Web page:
Briefly said, nihilism is something that nihilizes. Popularly, it has taken on the meaning of breaking away from traditions, indeed traditions of morals in Nietzsche. ‘Nihilism’ is most properly used to refer to the type of process that imputes a meaninglessness onto a thing, which is quite precisely what, to a degree, Nietzsche did, although not entirely. Indeed Nietzsche said that mores (morals) had meaning chiefly in whether they strengthened or weakened the user of the mores—the nihilization for Nietzsche is only tactical, a part of a strategy, and not passive or permanent, but intended as a profitably limited tool, such as when removing parts of a weak foundation in the renovation of a house, to remake the foundation with more appropriate parts for its strength. This is possible because nihilism is a binary (or, more appropriately, a ‘dual’) concept—with active nihilism being one pole, and passive nihilism another. Nietzsche perhaps, and indeed quite apparently (since it has caused immense confusions and troubles in thought ever since) unprofitably valorised a concept he still chiefly used to refer to a dire thing. Nietzsche may have partially or at least most importantly somewhat argued for a trans-nihilism, a transcending of nihilism through an active nihilism. Indeed, Nietzsche refers to nihilism as something Europe must survive the onslaught of, and here he means wisthand the passivity it brings on, the hyper-devaluation, and that it can survive this by doing an active valuation to resist excessive devaluation . The concept originally is devised by one F.H. Jacobi to refer to a way of thought that imputed that no difference were to be found between revelation and poor thought—that those who had religious revelation were no different from a mad person with a flight of fanciful thought; the difference between revelation and thought was thus nullified, and the case of man came to be popularly regarded as one of a credulous or rational thinker. By saying there there is only either rational thought or irrational thought, and no supra-rational thought (i.e. thought inspired by revelation), the so-called Enlightenment thinkers have situationally nullified the tradition of the third variety in Europe, prompting Jacobi to coin the concept of ‘nihilism’ to refer to the type of thought with this tendency. N.b. that report of supra-rational thought has roots older than the appearance of Christianity, and is for example a feature of the reports of the initiates of Apollo, in Ancient Greece.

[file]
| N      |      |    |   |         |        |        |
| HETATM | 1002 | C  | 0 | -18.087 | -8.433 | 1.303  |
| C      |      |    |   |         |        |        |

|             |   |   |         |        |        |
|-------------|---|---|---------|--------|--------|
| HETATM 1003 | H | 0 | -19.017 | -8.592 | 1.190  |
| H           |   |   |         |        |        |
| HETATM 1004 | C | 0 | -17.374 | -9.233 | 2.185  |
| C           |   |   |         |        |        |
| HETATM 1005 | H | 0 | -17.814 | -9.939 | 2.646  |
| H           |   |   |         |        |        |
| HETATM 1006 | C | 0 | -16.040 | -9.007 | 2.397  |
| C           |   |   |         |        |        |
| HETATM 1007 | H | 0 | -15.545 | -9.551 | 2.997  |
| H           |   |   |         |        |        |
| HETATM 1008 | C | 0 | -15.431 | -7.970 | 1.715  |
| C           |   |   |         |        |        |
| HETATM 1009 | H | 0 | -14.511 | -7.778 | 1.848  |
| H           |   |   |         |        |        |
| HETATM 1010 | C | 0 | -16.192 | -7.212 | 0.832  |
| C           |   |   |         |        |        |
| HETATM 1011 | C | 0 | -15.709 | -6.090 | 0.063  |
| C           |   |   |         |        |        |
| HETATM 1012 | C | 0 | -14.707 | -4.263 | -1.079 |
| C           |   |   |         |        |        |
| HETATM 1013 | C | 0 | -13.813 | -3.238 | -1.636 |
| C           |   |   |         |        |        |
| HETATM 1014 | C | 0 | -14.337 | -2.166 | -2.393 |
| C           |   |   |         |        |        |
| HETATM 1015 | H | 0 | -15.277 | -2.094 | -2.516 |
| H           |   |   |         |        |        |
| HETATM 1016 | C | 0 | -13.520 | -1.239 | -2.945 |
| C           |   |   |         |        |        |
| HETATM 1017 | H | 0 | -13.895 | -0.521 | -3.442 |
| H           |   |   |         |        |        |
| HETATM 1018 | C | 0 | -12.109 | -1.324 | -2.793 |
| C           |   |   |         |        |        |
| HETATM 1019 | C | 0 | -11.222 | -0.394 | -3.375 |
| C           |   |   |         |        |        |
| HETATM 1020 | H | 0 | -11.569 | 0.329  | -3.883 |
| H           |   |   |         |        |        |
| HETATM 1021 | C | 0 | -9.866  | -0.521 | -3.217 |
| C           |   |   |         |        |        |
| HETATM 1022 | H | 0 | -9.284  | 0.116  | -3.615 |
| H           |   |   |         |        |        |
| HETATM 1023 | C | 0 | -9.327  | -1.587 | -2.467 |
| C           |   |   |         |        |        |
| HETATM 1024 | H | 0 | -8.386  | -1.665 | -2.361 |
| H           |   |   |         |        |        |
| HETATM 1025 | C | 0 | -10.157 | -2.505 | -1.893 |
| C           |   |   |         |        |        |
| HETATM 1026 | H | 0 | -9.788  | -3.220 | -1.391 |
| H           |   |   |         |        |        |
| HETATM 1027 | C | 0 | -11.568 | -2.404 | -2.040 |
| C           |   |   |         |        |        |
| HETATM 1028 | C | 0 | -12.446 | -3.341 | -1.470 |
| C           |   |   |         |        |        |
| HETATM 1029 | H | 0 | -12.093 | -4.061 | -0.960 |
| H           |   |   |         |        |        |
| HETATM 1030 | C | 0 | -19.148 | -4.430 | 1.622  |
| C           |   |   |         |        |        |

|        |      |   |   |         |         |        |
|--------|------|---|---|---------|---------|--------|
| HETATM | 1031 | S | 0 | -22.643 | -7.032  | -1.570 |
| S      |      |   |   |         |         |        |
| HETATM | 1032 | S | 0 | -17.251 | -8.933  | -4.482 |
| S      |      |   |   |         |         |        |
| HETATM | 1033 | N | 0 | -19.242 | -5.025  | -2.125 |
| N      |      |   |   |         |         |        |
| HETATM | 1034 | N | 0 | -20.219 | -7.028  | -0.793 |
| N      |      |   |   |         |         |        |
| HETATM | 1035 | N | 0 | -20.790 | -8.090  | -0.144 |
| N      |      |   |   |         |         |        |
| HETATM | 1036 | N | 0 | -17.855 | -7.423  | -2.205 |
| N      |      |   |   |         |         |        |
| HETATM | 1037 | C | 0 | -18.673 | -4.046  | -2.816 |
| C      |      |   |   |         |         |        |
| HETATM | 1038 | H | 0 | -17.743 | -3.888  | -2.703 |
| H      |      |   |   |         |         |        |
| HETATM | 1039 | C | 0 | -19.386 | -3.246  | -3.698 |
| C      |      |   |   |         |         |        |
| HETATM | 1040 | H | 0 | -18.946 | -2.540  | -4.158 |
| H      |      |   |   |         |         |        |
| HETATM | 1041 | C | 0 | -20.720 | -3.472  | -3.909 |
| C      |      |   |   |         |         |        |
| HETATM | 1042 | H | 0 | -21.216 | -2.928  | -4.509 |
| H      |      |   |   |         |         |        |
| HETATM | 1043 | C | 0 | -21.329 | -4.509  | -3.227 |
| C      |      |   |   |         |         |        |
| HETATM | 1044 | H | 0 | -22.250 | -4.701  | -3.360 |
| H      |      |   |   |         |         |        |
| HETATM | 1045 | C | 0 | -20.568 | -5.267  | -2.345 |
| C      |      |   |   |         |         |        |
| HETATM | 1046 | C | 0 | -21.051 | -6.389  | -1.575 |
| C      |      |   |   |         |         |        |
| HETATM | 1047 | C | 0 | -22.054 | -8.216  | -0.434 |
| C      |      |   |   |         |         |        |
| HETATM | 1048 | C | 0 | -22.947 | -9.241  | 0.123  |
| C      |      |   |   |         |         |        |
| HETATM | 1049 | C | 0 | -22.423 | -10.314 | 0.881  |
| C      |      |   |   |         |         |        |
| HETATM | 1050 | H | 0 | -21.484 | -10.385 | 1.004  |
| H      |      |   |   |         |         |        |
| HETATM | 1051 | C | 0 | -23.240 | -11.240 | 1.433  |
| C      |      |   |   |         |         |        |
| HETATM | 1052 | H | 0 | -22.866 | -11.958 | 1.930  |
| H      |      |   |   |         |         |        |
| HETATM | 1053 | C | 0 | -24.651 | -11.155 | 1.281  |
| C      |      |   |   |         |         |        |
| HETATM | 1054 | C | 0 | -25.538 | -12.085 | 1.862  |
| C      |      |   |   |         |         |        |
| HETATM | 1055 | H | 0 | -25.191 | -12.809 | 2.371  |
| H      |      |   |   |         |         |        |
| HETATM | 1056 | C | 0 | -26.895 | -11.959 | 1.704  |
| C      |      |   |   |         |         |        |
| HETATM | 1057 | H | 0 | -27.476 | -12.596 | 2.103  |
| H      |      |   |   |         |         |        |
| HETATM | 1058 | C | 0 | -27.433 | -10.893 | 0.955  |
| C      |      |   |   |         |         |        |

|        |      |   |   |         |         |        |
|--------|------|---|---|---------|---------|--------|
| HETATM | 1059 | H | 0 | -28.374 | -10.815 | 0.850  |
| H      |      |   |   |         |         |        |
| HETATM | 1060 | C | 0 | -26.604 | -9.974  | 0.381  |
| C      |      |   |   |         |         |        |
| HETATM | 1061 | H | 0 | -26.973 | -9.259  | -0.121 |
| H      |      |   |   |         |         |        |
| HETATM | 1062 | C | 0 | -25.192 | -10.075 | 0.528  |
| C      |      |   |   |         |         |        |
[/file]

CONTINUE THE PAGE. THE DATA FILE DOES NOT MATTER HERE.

The idea that life is meaningless is hardly new. It is inherently included in the Judeo-Christian tradition, for example. “Let there be Light” — is God giving meaning to an otherwise meaningless chaos. Giving meaning is the primary process of grace, thus when Christians report their life having been given meaning through grace, they are describing a recapitulation of God’s creative act—which is the same as living a life with revelation, which is arguably a post-nihilistic state. The same idea is chief in the idea of baptism, with the idea of the baptism being of a protection against the nullification of the soul. The chief action of Christianity is exactly a recapitulation of God’s creative act, hence its centrality in many of the most noted concepts of Christianity, which are always to save man from being lost to the originary chaos and outer darkness. Tradition has always known a duality of loss and profit, of being lost to an abyss where-in one can lose one’s soul, our being saved from the adverse effects of said abyss, which is akin to finding and keeping one’s soul; remarkably similar to saving in a video game, which prevents the loss of progress. This is not limited to Christianity, but is known the world over. In Ancient Greece, souls are saved by initiation, which exactly is an initiation of a path over or through an abyss. The abyss has always had the danger of devaluation (a loss of sense, madness), and its crossing has always been a gain in a pathway of teleology, which before the Christians was the teleology onto the Heaven symbolised by the peak of Olympus. Christianity is thus a trans-nihilistic pathway, and has always been, since nihilism (the devaluation of life and loss of purpose) has always been a roaming danger; and remains whatever the state of nihilism’s prevalence, if not even more thankfully in those times where it has become not a mere near ubiquitous specter, but an openly admitted and professed ideology growing at great speed: “This collapse of meaning, relevance, and purpose will be the most destructive force in history, constituting a total assault on reality and nothing less than the greatest crisis of humanity”, says an author summarizing Nietzsche’s warning, before quoting the saintly man: “What I relate is the history of the next two centuries. I describe what is coming, what can no longer come differently: the advent of nihilism. . . . For some time now our whole European culture has been moving as toward a catastrophe, with a tortured tension that is growing from decade to decade: restlessly, violently, headlong, like a river that wants to reach the end. . . .” . These 200 years, needless to say, are still ongoing. We can only hope for grace. Indeed, hope is one of those concepts which specifically is against nihilism. Indeed, Wycliffe affirms it as trust in revelation, translating Romans iv.18: “Abraham agens hope bileuede that he schulde be maad fadir of manye folkis.” Indeed, King James’ 1611: “Who against hope, beleeued in hope, that hee might become the father of many nations: according to that which was spoken, So shall thy seede bee”—an affirmation of prophecy and teleology against its converse. (Coincidentally, see Jordan Peterson’s citation of the verse for that purpose in his discussion with Matthew Pirkowski, here.)